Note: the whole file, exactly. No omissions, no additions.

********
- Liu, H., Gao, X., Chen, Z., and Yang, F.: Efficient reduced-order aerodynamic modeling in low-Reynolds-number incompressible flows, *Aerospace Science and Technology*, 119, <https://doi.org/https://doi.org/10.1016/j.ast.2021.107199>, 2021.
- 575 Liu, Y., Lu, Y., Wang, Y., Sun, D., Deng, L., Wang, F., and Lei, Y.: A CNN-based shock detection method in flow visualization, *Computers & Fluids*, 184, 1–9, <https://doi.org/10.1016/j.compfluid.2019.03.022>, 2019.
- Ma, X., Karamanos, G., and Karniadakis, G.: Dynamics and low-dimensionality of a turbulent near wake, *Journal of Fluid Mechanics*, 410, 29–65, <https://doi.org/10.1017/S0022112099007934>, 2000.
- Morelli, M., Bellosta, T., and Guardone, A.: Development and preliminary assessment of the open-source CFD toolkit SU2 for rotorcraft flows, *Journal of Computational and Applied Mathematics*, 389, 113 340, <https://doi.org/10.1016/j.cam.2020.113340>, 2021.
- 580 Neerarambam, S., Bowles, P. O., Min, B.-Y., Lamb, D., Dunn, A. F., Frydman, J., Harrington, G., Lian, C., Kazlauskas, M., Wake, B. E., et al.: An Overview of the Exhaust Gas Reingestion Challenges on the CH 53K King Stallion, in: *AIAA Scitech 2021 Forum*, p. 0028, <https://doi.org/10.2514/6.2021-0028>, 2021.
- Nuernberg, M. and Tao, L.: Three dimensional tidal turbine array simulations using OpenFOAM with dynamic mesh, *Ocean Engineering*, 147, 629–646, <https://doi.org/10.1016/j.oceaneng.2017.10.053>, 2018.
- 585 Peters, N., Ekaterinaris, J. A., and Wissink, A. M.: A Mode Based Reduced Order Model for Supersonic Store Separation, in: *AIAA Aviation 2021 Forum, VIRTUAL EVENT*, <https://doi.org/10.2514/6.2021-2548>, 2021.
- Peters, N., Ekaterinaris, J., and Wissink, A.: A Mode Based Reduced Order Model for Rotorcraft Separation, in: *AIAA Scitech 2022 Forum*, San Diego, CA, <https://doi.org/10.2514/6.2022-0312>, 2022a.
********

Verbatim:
- Liu, H., Gao, X., Chen, Z., and Yang, F.: Efficient reduced-order aerodynamic modeling in low-Reynolds-number incompressible flows, *Aerospace Science and Technology*, 119, <https://doi.org/https://doi.org/10.1016/j.ast.2021.107199>, 2021.
- 575 Liu, Y., Lu, Y., Wang, Y., Sun, D., Deng, L., Wang, F., and Lei, Y.: A CNN-based shock detection method in flow visualization, *Computers & Fluids*, 184, 1–9, <https://doi.org/10.1016/j.compfluid.2019.03.022>, 2019.
- Ma, X., Karamanos, G., and Karniadakis, G.: Dynamics and low-dimensionality of a turbulent near wake, *Journal of Fluid Mechanics*, 410, 29–65, <https://doi.org/10.1017/S0022112099007934>, 2000.
- Morelli, M., Bellosta, T., and Guardone, A.: Development and preliminary assessment of the open-source CFD toolkit SU2 for rotorcraft flows, *Journal of Computational and Applied Mathematics*, 389, 113 340, <https://doi.org/10.1016/j.cam.2020.113340>, 2021.
- 580 Neerarambam, S., Bowles, P. O., Min, B.-Y., Lamb, D., Dunn, A. F., Frydman, J., Harrington, G., Lian, C., Kazlauskas, M., Wake, B. E., et al.: An Overview of the Exhaust Gas Reingestion Challenges on the CH 53K King Stallion, in: *AIAA Scitech 2021 Forum*, p. 0028, <https://doi.org/10.2514/6.2021-0028>, 2021.
- Nuernberg, M. and Tao, L.: Three dimensional tidal turbine array simulations using OpenFOAM with dynamic mesh, *Ocean Engineering*, 147, 629–646, <https://doi.org/10.1016/j.oceaneng.2017.10.053>, 2018.
- 585 Peters, N., Ekaterinaris, J. A., and Wissink, A. M.: A Mode Based Reduced Order Model for Supersonic Store Separation, in: *AIAA Aviation 2021 Forum, VIRTUAL EVENT*, <https://doi.org/10.2514/6.2021-2548>, 2021.
- Peters, N., Ekaterinaris, J., and Wissink, A.: A Mode Based Reduced Order Model for Rotorcraft Separation, in: *AIAA Scitech 2022 Forum*, San Diego, CA, <https://doi.org/10.2514/6.2022-0312>, 2022a.